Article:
We don’t go straight to the moon, though—if you’re in a story about secrets and trust and time-travel, where else would you go but the Oval Office under Richard Nixon?  Happily, we get a rather more plausible Nixon than the Churchill we got last season.  We also get an ex-FBI man played by the fabulous Mark Sheppard of Firefly and BSG.  (To me, there’s something slightly surreal about hearing his—I believe—real American accent in the midst of British actors when I expect him to sound like Badger, but I’m well aware that this is all in my head.)

The appearance of four people with British accents in the middle of the Oval Office causes plenty of amusing confusion designed to distract us from the fact that we still don’t know what’s going on.  I think one of the more daring aspects of the episode as a whole is that by the end of part one, we don’t yet have any solid idea of what the goal of the story is.  There’s no set destination or group of people who need to be saved (discounting the mysterious girl on the telephone) or crisis that must be averted.  Really, we’re left hanging onto a handful of plot threads, and I can’t begin to tell you where I expect them to end up.

  • There’s that mysterious little girl—assuming she is a little girl—in the astronaut suit who calls Nixon for help in 1969 and later wades out of the water to raygun the Doctor in 2011.
  • There are the Roswell-esque aliens that make you forget them as soon as you look away—or blow you up if you’re too persistent.
  • There’s Amy’s announcement that she’s pregnant.  And if a baby puts a damper on your average sitcom, I can’t imagine ever introducing a baby into a run-for-your-lives show like this.  Will this be the first kid raised in the TARDIS—the first kid stuck in day care while his parents run around with the Doctor?  Or, more likely, is this an early warning that Amy and Rory—the first companions since Rose to get a second season—will be leaving the TARDIS before long?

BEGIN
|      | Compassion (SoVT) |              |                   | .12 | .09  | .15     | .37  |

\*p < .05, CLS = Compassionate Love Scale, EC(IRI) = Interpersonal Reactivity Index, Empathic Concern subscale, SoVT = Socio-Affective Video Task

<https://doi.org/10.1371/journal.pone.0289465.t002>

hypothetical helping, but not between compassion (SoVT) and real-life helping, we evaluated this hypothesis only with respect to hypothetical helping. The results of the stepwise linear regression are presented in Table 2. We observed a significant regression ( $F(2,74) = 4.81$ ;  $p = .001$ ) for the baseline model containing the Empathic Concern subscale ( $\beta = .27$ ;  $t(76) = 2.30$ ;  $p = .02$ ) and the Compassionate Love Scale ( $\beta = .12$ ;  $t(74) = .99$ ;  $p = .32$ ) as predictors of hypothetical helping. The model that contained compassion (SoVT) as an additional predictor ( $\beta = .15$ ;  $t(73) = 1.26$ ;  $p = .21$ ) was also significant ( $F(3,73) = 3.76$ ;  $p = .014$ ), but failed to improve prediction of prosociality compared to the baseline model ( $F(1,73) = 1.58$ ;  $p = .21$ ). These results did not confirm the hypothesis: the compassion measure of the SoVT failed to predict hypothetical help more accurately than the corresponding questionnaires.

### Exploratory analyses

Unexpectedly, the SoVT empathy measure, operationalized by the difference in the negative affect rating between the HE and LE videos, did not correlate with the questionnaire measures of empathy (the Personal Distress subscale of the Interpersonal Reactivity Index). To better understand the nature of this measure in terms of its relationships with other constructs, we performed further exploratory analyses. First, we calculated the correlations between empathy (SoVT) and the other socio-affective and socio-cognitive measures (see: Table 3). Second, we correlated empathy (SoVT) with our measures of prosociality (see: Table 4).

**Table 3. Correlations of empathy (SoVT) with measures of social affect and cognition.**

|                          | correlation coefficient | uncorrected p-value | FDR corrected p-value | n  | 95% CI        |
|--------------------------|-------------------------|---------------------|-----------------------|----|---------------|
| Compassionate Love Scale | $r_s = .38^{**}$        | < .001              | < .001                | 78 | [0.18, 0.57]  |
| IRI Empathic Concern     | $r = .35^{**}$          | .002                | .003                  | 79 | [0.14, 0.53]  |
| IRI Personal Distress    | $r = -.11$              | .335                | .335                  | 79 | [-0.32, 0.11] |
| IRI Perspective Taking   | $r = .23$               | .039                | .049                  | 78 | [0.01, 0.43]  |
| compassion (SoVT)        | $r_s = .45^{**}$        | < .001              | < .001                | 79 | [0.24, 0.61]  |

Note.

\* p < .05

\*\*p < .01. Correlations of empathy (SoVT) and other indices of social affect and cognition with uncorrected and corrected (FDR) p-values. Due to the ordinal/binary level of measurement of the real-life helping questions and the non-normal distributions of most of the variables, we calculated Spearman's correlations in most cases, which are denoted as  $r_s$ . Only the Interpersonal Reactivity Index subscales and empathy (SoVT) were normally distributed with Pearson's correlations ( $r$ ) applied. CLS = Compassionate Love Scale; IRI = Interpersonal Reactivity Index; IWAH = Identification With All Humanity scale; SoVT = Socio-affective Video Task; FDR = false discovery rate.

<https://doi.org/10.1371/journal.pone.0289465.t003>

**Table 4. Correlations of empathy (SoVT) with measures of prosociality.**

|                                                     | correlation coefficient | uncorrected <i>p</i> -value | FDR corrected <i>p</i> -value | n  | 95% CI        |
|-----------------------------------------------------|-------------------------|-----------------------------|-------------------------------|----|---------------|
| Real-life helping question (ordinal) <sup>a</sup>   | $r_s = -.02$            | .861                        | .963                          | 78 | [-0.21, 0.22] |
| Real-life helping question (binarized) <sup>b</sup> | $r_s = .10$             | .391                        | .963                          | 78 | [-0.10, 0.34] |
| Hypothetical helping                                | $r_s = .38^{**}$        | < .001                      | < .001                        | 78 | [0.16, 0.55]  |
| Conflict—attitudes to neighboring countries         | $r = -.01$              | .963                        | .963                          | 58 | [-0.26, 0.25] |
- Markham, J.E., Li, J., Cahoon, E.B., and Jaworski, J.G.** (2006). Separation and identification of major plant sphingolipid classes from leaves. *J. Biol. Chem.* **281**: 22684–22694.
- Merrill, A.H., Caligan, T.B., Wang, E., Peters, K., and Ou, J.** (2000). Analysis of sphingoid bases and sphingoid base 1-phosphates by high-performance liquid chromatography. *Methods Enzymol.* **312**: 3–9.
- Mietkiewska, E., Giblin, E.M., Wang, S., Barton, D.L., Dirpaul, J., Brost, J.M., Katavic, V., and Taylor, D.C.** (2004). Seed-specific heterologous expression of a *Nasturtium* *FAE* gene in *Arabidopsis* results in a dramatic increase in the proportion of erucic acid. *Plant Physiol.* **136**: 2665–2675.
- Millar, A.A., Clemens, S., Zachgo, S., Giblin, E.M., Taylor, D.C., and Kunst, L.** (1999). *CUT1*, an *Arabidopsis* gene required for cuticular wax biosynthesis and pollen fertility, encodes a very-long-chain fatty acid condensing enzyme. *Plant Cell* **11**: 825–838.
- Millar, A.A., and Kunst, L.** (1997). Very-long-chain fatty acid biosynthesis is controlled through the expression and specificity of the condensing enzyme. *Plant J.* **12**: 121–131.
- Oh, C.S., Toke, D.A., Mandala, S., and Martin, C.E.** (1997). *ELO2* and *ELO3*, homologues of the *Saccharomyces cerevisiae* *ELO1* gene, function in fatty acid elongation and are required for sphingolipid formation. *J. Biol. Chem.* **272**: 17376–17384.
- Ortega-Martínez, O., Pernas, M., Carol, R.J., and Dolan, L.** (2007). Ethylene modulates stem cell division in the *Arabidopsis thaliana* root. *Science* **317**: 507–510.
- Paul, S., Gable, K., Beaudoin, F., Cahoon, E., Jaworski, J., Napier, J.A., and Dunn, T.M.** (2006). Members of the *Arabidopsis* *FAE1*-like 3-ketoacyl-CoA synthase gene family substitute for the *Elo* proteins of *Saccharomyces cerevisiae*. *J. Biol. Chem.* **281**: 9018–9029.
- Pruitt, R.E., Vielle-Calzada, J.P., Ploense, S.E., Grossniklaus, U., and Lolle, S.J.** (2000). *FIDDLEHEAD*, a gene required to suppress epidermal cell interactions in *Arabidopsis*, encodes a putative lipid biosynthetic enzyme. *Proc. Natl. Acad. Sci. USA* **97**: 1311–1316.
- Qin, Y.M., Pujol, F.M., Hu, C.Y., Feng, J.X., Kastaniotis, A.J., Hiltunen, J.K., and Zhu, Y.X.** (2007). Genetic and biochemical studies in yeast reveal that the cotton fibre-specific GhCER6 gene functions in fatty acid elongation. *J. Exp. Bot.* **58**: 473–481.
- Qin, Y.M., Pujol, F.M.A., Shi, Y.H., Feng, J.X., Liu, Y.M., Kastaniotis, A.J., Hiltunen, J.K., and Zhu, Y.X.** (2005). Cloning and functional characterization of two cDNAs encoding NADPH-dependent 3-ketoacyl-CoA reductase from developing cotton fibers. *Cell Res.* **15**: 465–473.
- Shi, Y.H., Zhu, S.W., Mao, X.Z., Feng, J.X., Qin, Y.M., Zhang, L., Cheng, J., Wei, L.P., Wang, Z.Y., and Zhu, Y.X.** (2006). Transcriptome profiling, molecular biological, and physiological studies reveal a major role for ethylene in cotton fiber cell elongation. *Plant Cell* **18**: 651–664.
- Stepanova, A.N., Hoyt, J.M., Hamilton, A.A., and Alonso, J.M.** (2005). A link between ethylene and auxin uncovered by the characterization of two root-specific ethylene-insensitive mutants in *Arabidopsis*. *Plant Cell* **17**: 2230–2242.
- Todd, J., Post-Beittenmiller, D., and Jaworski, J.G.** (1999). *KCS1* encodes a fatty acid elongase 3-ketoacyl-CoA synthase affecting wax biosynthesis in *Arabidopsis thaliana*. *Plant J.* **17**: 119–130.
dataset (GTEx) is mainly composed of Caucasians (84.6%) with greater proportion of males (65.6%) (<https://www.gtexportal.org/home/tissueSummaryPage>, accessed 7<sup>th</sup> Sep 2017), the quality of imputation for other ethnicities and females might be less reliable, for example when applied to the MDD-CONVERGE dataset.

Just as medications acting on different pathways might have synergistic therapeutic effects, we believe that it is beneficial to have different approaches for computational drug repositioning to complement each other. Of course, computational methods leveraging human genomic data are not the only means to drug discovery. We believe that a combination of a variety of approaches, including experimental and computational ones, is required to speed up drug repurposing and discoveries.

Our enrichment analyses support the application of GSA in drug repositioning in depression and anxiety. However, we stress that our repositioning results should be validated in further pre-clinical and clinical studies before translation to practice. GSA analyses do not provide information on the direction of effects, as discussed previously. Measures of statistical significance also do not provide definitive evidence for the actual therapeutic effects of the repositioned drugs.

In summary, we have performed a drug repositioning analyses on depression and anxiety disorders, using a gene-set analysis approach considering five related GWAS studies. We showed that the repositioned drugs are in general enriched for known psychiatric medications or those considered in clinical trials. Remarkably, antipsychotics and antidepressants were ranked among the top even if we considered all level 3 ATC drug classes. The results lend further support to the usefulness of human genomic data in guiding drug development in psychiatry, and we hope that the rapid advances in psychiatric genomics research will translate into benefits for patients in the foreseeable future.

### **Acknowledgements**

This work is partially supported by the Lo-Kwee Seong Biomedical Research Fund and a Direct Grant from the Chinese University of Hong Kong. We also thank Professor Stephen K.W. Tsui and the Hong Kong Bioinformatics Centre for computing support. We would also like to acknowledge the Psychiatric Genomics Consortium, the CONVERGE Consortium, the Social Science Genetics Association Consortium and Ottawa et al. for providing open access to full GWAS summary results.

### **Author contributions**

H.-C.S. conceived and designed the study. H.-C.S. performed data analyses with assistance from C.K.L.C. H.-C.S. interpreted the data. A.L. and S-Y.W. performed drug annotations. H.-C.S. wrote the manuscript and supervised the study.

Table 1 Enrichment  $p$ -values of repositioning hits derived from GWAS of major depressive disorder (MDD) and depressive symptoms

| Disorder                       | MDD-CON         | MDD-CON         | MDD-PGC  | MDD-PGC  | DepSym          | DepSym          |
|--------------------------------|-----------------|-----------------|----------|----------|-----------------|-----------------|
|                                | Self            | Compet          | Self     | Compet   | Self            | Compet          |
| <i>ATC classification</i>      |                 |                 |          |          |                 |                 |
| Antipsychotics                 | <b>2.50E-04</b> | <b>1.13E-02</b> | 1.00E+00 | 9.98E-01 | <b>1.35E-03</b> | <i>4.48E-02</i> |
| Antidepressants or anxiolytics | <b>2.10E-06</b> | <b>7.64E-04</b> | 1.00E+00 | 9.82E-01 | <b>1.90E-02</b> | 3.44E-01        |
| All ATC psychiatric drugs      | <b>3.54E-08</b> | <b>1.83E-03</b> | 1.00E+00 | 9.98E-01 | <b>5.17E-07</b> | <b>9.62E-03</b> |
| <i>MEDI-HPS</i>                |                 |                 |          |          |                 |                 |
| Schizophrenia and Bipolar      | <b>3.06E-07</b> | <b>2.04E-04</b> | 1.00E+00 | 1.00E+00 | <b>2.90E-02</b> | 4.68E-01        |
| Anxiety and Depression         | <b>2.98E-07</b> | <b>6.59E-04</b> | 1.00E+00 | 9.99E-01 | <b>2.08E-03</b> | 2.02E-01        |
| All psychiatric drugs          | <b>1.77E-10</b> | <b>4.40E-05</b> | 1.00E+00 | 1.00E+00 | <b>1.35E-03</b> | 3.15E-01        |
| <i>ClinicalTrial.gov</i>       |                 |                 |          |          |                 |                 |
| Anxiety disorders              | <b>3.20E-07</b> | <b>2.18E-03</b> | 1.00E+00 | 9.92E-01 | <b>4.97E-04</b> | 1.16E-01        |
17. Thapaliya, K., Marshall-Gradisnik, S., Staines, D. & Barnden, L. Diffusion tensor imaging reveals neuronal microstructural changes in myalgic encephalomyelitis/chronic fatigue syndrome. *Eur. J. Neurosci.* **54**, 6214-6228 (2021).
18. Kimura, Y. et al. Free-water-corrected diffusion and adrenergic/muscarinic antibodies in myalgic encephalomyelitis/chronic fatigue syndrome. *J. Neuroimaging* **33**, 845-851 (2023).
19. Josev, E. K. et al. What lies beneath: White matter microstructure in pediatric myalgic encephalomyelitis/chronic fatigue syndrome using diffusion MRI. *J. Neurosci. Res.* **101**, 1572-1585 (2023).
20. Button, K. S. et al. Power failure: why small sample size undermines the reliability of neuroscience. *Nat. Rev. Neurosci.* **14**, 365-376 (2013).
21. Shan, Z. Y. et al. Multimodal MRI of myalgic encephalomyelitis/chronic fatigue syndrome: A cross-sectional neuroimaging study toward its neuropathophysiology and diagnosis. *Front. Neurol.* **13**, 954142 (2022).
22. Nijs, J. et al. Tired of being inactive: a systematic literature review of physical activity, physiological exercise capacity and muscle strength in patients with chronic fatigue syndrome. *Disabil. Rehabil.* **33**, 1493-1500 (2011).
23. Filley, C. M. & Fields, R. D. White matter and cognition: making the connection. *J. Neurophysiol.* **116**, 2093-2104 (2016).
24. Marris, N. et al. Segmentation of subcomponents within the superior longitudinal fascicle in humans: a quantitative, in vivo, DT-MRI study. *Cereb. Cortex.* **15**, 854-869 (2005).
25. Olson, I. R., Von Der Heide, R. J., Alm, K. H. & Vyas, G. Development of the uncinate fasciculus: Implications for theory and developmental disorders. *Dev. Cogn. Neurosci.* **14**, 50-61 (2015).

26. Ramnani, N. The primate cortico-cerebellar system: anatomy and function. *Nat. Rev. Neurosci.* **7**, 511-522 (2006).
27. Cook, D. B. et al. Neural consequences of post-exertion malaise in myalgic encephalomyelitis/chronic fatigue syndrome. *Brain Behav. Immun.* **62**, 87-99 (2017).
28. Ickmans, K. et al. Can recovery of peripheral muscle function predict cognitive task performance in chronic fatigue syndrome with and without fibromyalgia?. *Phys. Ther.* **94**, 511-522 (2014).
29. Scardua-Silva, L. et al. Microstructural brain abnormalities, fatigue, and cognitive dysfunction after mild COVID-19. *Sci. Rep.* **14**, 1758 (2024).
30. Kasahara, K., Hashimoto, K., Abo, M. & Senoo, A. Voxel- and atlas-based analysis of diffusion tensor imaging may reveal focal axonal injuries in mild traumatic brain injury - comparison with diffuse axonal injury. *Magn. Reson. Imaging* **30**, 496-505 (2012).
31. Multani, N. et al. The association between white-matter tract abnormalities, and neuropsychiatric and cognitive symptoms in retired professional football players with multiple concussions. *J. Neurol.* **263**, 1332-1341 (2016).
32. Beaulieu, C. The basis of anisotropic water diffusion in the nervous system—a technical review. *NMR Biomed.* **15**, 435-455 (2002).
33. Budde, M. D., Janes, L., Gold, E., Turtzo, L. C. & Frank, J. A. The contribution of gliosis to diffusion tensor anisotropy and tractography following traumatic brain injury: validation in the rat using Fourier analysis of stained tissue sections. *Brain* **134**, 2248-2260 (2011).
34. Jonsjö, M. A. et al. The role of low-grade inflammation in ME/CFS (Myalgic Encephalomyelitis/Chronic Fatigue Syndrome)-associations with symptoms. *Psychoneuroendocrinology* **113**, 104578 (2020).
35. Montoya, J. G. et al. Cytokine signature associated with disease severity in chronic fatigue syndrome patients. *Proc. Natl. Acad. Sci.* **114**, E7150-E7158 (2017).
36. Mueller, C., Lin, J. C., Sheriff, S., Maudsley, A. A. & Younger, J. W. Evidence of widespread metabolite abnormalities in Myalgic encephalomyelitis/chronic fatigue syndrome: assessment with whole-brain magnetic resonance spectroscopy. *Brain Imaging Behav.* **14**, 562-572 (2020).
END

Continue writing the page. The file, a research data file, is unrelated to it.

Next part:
• And of course there’s the general puzzle of the Doctor’s death.  Did he really gather his friends together knowing he was going to die? Is there a trick here somewhere, or are we going to have to undo that?  Given that this would keep the show from re-casting the role through regeneration, I can’t believe that this timeline will stick.  Either there’s a trick, or Amy is going to win the “time can be re-written” argument she’s having with River.  It may take us the rest of the season, or at least the rest of the half-season we’re getting this spring* to sort this out.

* Change in the usual schedule: as I understand it, we’re getting seven episodes in the spring and the other six next fall.

Doctor Who: Halfway out of the dark

KT is here with an entry of the better-late-than-never variety.

DOCTOR WHO:  Christmas special 2010, “A Christmas Carol”

We had an open thread just a few weeks ago about all the shows that have made an episode based on Dicken’s Christmas classic, and here’s another one to add to the list.  Neither the title nor the episode try to hide the fact, and it actually turns out to be perhaps the best Christmas special the show has made to date. *

The adventure takes place on a very steampunk sort of planet when one grumpy old rich man (Michael Gambon, much better here than as Dumbledore) must be persuaded to go out of his way to use his fabulous sky-controlling machine to enable a crashing spaceship to land properly.  The spaceship is a cruise liner sort of ship — and the passenger list happens to include Amy and Rory, who as you’ll remember are on their honeymoon.  The Doctor can’t get onto the ship to help, but he can get to grumpy Kazran Sardick — a name clearly designed to have the same effect as Ebeneezer Scrooge.

Better than that, though, he can get to Kazran Sardick at any age he wants, because naturally a time traveller is the ultimate Ghost of Christmas Past.  Rather than merely reminding Sardick of his past, he actively changes it, and that’s where things get fun.